As shown in Figure 1, an FBG of 1 cm in the grating length was inscribed on a standard telecommunication single-mode optical fiber (corning SMF-28).

Figure 1: Refractive index distributions of FBG and transmission and reflection characters.

The Bragg resonance wavelength of a FBG, , which is the center wavelength of light back reflected from the grating, depends on the effective index of refraction of the core and the periodic spacing of the grating () through the relation . Parameters such as and are affected by changes in strain and temperature. The shift in the Bragg resonance wavelength due to the changes in the temperature and strain can be described by

The first term in (1) represents the temperature effect on the FBG and the second term describes the strain effect. The fractional wavelength shift corresponding to a temperature change as where is the thermal expansion coefficient of the fiber normally is for silica cladding. The quantity represents the thermooptic coefficient, which is for a germanium-doped silica core. The term related to the strain effect can be expressed as where is an effective photoelastic constant with a value of 0.22 for fused silica:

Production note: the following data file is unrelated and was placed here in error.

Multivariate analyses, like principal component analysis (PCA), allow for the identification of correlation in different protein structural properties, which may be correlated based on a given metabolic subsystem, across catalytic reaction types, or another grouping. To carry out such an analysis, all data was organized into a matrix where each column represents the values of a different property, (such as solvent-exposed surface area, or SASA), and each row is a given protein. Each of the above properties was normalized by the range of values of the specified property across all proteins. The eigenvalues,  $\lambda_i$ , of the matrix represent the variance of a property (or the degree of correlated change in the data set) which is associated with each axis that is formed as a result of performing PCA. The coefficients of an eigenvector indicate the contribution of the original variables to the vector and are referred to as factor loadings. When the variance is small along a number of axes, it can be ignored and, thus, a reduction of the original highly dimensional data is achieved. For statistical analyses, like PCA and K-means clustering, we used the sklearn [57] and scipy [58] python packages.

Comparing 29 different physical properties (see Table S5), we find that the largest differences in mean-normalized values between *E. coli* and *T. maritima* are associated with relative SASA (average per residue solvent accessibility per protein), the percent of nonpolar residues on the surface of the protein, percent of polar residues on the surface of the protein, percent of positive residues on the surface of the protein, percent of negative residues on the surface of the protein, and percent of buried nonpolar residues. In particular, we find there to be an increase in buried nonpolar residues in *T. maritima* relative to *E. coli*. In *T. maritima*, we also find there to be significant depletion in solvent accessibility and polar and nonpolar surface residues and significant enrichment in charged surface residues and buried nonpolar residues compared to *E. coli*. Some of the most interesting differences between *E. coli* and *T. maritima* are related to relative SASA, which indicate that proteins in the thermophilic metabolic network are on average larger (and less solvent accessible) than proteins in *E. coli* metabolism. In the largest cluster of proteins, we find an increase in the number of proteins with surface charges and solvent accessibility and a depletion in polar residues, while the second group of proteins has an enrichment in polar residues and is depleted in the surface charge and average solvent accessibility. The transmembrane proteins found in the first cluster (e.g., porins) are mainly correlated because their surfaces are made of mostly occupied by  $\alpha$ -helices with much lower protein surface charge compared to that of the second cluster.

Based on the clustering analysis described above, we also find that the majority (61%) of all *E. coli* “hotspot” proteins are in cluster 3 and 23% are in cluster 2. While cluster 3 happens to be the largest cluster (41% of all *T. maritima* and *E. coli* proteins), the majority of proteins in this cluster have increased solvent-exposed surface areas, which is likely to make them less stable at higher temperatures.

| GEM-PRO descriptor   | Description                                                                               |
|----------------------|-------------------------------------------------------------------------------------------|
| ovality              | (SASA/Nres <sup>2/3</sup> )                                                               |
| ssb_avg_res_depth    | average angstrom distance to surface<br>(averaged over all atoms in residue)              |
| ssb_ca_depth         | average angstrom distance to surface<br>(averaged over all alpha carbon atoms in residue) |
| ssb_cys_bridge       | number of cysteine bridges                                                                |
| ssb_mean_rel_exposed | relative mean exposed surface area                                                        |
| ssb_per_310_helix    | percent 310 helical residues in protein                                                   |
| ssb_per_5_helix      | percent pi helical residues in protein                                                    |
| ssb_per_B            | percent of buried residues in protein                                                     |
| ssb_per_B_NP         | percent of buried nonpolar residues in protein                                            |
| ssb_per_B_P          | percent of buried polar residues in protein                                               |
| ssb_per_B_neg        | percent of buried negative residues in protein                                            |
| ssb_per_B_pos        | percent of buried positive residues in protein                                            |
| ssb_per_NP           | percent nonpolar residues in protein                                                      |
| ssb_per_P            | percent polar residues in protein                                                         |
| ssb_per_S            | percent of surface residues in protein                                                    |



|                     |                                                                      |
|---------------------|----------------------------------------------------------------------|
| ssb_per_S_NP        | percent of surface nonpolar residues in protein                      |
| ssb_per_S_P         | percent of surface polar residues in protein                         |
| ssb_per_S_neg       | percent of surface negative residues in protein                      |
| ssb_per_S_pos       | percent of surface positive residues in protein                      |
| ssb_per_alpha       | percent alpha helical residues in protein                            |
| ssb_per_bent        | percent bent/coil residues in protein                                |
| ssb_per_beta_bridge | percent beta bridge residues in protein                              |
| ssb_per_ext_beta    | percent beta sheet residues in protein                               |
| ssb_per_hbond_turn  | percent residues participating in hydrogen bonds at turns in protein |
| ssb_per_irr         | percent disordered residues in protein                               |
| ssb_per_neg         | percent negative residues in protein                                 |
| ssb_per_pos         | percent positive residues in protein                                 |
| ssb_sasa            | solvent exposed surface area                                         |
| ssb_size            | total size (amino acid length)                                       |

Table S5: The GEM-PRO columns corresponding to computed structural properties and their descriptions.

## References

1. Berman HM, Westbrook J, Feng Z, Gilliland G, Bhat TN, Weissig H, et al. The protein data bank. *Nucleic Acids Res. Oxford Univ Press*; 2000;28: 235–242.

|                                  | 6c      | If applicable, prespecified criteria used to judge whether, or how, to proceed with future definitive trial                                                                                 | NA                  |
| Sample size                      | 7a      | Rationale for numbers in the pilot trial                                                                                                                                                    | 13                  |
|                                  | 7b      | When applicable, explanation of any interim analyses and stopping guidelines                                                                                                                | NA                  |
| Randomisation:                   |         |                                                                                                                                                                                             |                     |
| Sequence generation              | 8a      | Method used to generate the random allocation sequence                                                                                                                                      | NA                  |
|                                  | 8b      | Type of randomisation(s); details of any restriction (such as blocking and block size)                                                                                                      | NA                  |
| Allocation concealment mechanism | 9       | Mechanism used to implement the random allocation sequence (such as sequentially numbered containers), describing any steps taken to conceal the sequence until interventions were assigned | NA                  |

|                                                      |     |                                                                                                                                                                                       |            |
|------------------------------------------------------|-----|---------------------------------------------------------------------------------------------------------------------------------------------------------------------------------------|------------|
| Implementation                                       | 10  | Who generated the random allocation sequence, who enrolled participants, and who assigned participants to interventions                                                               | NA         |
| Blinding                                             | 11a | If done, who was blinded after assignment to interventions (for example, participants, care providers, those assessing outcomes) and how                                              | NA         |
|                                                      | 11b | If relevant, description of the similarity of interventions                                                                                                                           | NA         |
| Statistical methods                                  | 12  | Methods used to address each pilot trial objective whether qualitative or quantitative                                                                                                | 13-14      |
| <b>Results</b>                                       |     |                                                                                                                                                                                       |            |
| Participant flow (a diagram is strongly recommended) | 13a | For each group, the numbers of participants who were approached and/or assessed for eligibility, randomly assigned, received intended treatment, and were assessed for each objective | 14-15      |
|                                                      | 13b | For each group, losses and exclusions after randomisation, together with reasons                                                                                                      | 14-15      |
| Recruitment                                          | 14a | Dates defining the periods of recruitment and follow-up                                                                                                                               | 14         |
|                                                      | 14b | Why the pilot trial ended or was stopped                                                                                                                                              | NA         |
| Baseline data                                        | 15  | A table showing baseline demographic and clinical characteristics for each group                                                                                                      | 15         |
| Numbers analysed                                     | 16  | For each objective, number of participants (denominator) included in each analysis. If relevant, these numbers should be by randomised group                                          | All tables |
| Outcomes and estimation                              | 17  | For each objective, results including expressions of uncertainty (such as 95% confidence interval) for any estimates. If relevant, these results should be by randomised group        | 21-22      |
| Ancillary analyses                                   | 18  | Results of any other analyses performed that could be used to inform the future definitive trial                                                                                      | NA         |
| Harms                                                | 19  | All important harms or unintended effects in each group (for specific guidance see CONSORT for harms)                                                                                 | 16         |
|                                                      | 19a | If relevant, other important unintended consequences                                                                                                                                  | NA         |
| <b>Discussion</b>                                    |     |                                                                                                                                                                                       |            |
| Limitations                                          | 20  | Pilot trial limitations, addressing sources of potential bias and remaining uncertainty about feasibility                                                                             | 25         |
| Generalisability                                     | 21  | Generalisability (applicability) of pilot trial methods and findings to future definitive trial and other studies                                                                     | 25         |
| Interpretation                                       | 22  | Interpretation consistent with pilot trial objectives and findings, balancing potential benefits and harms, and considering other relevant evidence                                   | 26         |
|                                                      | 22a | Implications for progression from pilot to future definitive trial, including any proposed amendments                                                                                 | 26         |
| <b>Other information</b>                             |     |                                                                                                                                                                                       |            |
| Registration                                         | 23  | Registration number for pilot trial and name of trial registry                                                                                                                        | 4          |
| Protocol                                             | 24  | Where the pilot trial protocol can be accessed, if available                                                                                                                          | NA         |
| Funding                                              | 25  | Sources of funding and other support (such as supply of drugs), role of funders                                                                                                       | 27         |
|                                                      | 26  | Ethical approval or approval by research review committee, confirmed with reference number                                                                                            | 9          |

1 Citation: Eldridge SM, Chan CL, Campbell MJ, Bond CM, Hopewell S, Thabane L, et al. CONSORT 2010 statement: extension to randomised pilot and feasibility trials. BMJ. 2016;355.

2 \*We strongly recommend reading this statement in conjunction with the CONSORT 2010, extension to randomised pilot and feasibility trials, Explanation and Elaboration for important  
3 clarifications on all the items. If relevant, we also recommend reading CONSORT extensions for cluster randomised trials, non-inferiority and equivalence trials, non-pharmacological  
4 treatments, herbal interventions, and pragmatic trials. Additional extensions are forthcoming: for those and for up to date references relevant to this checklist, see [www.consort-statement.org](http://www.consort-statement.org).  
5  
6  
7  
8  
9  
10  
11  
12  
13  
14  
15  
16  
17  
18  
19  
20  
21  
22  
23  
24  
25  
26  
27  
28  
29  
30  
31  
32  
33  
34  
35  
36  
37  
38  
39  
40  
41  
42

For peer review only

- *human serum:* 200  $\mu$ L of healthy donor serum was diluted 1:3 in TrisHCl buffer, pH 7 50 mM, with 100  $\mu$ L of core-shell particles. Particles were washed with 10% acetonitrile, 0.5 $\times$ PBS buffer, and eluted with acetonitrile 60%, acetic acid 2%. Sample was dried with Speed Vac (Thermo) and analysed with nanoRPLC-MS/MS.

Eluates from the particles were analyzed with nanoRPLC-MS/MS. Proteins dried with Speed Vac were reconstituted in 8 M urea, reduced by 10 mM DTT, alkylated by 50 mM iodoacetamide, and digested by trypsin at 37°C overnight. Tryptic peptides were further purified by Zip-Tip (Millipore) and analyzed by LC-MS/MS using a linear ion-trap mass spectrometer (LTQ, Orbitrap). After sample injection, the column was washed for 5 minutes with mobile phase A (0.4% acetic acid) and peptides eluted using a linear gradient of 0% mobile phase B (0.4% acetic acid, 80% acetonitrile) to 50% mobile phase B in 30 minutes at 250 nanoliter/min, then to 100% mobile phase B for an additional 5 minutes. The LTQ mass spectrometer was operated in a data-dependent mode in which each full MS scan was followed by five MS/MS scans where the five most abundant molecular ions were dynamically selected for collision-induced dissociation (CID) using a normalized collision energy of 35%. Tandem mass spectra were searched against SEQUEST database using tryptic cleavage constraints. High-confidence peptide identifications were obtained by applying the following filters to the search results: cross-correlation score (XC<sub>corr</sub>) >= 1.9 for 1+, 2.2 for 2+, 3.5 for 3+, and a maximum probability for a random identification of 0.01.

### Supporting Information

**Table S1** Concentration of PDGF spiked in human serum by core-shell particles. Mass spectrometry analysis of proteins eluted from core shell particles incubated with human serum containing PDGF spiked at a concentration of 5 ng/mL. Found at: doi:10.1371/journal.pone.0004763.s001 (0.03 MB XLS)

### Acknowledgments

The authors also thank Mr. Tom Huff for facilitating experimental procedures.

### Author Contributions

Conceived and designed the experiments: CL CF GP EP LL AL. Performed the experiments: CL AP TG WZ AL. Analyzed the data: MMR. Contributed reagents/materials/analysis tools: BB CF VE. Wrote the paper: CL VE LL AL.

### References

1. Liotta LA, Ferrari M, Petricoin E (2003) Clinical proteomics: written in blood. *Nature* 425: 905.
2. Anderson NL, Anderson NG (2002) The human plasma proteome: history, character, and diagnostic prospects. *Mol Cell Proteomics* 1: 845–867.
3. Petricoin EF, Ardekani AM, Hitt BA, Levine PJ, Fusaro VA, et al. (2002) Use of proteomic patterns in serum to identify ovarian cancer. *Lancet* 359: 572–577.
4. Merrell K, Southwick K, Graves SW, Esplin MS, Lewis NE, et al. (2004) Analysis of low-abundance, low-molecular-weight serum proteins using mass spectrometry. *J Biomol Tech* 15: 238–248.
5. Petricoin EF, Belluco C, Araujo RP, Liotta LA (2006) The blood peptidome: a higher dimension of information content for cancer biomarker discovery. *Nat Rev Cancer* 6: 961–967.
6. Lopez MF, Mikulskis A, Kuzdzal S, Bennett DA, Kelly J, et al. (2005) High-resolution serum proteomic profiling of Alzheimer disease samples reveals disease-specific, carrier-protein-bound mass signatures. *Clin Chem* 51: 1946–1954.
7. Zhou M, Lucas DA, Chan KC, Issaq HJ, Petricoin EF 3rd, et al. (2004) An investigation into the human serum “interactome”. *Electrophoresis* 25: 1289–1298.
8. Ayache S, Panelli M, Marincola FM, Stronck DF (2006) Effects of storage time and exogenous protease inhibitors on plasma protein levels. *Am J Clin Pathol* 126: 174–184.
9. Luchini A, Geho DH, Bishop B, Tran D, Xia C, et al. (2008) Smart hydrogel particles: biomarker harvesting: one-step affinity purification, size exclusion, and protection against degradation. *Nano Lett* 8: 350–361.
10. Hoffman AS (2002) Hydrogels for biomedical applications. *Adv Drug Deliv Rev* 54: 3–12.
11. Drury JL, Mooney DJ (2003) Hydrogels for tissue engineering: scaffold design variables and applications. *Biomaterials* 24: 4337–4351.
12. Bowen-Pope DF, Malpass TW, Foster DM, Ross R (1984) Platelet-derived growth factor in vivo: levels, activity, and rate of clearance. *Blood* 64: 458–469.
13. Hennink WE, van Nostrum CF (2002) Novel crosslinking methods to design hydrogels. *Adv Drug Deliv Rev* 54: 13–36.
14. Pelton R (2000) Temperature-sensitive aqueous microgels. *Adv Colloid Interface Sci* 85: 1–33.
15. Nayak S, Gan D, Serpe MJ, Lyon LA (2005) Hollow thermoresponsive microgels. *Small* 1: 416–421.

In (4) shown, the wavelength shifting is made by the temperature and strain changing together, so the division of cross-sensitivity of strain and temperature is one of the key technologies of the FBG sensor in the application [4, 5].

3. Working Principle and Fabrication of Sandglass Shape FBGs

In this paper, the sandglass shape FGB is proposed to avoid cross-sensitivity effect between strain and temperature. The main principle is to make nonuniform strain on the grating pattern, whose results show that the grating reflection bandwidth would become wider with the applied pulling force. However, the temperature changing only makes the center wavelength to drift, not to spread. The neck section of FBG is etched by HF to remove the portion of cladding layer becoming to middle narrow and thick in two sides like Sandglass shape, shown in Figure 2, which has temperature-insensitive but strain-sensitive sensor only.

Figure 2: Sketch of sandglass FBG and applied stress.